New Classification System for Brain Tumors

Doctors at Universitätsklinikum Erlangen have developed a simple radiological method to predict the development of gliomas.

Despite modern chemoradiation therapy it is still very difficult to give reliable prognoses for malignant gliomas. Surgical removal of the glioma is still the preferred method of treatment. Doctors at Universitätsklinikum Erlangen’s Department of Neurosurgery have now developed a new procedure for analyzing radiological imaging scans which makes it possible to predict the course of a disease relatively precisely. Their findings have now been published in the journal Scientific Reports.

A quick and safe way of classifying a tumor’s operability

The Friedlein Grading A/B (FGA/B) classification system – named after the physician Katharina Friedlein – is a quick and precise way of determining whether surgical removal is the best possible treatment method for a given tumor. Essentially, the Erlangen-based doctors classify tumors according to their position in the brain in the context of a routine magnetic resonance imaging (MRI) scan. tumors that are not located in functional brain regions or that are located at a certain distance from such regions are classified as FGA, while tumors that are close to or inside a functional brain region are classified as FGB.

This image shows a classification chart for the tumors.
Classifying tumors in an uncomplicated manner in clinical practice using MRI scans. Image credit: Nicolai Savaskan.

Developing precise low-risk strategies

With the FGA/B method it possible to plan the consequences of tumor surgery, which is crucial for the success of the treatment, in a precise, low-risk and quantitative manner. This makes the Friedlein Grading system the first classification system which can be easily applied in clinical practice. ‘There have already been several attempts in medicine to develop such a classification system. However, most approaches were too complicated and were based on academic values only, which made it difficult to use them in clinical practice,’ says PD Dr. Nicolai Savaskan from FAU’s Chair of Neurosurgery. ‘The FGA/B method can be applied on the basis of a standard MRI scan which glioma patients have to undergo anyway and is highly reliable despite being so simple. We hope that our colleagues in neurosurgery departments in smaller hospitals will also be able to use it successfully in everyday clinical practice.’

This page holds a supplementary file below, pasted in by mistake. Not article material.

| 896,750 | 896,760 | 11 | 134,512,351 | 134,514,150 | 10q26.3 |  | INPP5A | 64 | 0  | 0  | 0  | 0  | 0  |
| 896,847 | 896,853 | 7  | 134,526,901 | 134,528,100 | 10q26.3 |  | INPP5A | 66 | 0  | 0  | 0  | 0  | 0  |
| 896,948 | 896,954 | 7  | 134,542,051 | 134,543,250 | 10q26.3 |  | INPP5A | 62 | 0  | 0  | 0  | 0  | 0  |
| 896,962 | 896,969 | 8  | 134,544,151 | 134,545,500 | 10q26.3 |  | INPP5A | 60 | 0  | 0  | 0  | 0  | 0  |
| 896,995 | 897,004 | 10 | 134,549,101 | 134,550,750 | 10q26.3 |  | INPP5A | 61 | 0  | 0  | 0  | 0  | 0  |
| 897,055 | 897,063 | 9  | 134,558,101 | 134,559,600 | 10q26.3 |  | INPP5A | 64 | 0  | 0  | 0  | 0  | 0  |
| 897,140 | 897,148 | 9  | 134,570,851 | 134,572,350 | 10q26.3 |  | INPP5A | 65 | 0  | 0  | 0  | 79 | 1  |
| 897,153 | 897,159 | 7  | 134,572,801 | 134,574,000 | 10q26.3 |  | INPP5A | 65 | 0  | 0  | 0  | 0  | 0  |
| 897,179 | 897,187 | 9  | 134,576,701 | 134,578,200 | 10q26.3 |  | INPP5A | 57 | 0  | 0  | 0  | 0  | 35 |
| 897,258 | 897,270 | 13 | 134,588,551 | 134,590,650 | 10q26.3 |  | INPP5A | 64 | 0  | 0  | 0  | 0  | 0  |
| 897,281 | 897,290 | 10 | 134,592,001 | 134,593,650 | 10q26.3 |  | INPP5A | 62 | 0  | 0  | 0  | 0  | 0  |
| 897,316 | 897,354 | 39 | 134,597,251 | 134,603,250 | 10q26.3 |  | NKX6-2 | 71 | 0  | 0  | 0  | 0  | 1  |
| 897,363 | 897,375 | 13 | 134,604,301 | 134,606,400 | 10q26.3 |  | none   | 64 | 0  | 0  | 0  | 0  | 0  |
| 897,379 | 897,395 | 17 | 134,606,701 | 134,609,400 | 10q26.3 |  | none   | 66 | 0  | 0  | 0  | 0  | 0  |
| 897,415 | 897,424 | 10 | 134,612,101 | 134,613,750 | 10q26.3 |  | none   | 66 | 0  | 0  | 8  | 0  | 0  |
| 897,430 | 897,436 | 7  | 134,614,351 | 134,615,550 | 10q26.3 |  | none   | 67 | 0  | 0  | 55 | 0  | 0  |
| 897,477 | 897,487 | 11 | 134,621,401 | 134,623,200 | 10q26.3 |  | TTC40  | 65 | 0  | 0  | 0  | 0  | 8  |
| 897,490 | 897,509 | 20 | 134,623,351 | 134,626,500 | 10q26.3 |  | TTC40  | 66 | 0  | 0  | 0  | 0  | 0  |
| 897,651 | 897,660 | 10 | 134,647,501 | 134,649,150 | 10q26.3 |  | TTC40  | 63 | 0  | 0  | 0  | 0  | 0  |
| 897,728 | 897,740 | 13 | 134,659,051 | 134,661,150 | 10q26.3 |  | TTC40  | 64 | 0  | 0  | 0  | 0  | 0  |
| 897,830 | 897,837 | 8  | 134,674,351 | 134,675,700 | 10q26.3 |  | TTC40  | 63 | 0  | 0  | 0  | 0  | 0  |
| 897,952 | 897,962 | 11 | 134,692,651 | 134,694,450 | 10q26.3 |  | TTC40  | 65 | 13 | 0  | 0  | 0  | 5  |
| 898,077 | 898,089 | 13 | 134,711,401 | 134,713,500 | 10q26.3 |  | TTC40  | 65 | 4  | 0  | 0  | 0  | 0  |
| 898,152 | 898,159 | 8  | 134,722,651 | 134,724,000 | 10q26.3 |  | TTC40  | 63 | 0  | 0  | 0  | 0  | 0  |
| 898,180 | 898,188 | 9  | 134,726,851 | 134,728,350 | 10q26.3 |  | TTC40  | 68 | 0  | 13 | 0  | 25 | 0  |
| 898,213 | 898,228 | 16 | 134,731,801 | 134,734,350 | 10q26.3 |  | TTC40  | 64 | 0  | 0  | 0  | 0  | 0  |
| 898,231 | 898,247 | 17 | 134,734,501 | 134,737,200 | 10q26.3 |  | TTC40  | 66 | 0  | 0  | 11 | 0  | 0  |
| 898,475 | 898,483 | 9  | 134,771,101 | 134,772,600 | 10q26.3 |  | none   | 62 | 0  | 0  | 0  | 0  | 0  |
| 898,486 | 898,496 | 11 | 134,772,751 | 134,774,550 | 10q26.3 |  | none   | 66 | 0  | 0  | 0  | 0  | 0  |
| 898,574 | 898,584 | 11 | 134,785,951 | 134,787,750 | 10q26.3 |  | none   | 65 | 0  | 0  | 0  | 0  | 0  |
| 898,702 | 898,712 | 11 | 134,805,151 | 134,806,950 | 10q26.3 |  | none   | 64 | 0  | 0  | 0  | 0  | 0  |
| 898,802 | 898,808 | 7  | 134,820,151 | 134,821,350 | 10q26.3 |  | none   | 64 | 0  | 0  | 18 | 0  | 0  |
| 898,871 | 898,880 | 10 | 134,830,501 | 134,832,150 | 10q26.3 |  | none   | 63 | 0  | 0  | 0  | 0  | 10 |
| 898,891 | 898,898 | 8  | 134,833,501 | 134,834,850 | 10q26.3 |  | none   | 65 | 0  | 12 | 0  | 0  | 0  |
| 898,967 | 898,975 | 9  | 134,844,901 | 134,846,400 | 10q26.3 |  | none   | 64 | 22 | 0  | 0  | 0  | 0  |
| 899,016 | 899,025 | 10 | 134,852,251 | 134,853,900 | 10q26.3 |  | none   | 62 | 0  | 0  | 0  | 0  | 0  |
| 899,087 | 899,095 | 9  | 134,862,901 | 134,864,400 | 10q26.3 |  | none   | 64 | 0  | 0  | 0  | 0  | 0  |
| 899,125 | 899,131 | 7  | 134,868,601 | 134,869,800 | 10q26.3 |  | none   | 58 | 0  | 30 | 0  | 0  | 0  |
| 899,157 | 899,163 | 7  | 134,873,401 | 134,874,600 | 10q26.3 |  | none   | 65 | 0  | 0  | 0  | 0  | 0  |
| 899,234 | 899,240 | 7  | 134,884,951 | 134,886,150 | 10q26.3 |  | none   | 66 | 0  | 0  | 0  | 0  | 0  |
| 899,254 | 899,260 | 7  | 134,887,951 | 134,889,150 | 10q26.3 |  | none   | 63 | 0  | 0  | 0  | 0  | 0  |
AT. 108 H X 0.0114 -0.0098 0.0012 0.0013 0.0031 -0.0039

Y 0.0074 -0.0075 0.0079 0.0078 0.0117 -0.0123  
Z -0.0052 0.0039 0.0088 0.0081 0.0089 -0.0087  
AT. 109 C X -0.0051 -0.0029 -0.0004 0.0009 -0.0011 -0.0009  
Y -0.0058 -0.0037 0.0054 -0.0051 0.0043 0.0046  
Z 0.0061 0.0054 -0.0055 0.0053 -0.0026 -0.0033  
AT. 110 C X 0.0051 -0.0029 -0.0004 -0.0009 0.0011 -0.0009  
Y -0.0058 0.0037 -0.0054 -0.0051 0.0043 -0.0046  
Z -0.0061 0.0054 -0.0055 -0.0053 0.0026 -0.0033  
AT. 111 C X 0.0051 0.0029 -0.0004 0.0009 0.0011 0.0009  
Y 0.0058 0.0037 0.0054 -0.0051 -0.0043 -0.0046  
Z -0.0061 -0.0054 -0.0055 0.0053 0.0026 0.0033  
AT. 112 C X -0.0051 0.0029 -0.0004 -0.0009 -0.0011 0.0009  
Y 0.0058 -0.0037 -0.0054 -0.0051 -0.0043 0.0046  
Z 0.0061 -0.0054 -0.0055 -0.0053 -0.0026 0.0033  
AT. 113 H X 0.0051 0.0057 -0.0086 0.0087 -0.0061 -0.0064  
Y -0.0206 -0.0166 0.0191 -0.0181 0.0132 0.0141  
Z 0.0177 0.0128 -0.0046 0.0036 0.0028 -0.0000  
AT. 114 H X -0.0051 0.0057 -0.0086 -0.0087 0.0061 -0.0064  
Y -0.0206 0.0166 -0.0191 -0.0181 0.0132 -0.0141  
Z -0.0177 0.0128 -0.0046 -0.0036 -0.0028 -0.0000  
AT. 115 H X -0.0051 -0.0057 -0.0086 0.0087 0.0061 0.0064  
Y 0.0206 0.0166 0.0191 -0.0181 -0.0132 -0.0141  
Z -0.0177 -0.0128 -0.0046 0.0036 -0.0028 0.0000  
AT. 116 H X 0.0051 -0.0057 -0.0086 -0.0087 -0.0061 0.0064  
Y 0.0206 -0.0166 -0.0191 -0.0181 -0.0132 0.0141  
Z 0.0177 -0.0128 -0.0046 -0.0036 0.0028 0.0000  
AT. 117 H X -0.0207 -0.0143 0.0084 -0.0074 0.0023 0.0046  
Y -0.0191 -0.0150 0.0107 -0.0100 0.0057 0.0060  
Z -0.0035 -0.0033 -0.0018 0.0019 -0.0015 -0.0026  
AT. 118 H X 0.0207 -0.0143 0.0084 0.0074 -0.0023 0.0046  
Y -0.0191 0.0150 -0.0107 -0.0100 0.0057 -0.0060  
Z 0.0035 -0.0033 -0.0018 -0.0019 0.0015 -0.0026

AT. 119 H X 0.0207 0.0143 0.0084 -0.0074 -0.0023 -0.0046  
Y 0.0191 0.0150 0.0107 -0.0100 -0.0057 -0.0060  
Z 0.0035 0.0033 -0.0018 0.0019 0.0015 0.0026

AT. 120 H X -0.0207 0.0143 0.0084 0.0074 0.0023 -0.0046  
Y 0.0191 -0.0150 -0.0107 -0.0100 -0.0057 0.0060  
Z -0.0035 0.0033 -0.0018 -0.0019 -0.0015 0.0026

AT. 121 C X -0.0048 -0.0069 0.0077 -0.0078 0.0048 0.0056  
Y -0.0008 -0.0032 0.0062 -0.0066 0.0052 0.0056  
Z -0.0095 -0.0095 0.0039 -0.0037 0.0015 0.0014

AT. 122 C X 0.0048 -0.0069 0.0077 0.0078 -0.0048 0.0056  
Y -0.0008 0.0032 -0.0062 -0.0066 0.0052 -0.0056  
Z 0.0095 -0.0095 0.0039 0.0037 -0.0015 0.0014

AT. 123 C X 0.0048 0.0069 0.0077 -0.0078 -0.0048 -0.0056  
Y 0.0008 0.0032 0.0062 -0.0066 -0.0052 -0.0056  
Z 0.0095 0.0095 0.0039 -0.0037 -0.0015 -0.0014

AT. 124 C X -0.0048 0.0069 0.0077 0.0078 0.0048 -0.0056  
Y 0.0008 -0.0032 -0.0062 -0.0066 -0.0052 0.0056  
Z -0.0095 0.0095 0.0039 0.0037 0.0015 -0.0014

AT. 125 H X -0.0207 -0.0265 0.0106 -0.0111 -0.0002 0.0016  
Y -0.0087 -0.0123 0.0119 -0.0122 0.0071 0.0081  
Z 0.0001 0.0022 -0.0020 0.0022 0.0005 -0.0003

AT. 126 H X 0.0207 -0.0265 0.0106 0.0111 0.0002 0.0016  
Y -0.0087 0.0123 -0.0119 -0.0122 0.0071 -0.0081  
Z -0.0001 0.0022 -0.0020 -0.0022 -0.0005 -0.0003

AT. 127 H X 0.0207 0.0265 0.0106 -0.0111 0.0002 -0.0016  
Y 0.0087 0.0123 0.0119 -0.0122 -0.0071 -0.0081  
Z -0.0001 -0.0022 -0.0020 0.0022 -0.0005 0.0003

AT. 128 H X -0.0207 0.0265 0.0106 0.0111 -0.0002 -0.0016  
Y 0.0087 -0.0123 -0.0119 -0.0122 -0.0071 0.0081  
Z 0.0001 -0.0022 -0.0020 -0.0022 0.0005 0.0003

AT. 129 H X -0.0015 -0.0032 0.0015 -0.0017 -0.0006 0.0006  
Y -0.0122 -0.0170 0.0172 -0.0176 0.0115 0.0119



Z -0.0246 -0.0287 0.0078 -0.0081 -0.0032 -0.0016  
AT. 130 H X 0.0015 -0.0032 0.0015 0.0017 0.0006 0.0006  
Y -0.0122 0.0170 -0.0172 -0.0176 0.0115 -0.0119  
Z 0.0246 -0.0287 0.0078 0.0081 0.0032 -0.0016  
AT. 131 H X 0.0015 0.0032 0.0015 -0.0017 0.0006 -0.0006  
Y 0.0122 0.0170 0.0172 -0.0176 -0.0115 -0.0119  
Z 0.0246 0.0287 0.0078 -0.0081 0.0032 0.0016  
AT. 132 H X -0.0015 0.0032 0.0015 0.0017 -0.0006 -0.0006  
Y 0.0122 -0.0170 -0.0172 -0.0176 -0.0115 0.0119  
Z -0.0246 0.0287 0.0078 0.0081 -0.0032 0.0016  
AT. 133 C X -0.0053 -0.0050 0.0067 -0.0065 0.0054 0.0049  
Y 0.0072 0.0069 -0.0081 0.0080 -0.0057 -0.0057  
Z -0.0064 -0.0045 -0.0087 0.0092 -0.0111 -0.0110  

About this brain cancer research

Source: Nicolai Savaskan – FAU
Image Credit: Image credited to Nicolai Savaskan
Original Research: The research paper “A new functional classification system (FGA/B) with prognostic value for glioma patients” by Katharina Friedlein, Yavor Bozhkov, Nirjhar Hore, Andreas Merkel, Björn Sommer, Sebastian Brandner, Michael Buchfelder, Nicolai E. Savaskan and Ilker Y. Eyüpoglu will appear in Scientific Reports during the week of July 13 2015. We will provide a link to the research when it is made available to the public.

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  1. The Future of Brain Cancer: Iron Reason for Optimism. Cancer still has a reasonable chance to kill the patient even when cancer itself is diagnosed and treated early. Cancer is when iron-overloaded cells divide in an uncontrolled way. Primary tumors always develop at body sites of excessive iron deposits. According to the American Cancer Society, although there are many kinds of cancer, all cancers start because abnormal cells grow out of control. Abnormal cells or iron-overloaded cells? Not all scientific conspiracy theories are wrong, the Father of Oncology explains. Cancer and its inadequate treatments can affect body systems. Cancers that start in the brain are called primary brain tumors. Cancers that have spread to the brain from somewhere else in the body are called secondary brain tumors or brain metastases. Tumors that are not located in functional brain regions or that are located at a certain distance from such regions are classified as FGA, while tumors that are close to or inside a functional brain region are classified as FGB. Treatment for brain tumors is based on many factors, such as age, overall health, and medical history; the type, location, and size of the tumor. Cancerous cells (iron-overloaded cells, iron-rich cells, iron-saturated cells) can remain after surgery and will eventually grow back. Direct intratumoral injections of iron-deficiency agents (ceramic needles) are needed when tumors/metastases cannot be removed with surgery (ceramic blades). Personalized iron-deficiency methods (special diets, blood donations) can neutralize micro-metastases in hospitalized patients. Baba Vanga became very popular in Russia since her prophesy about Kursk became true. Vanga predicted the 9/11 terrorist attacks in the US. In 1994 she predicted: A day will come and cancer will be chained in iron! A cure must ‘contain’ the iron, because this element is decreasing in the human organism.

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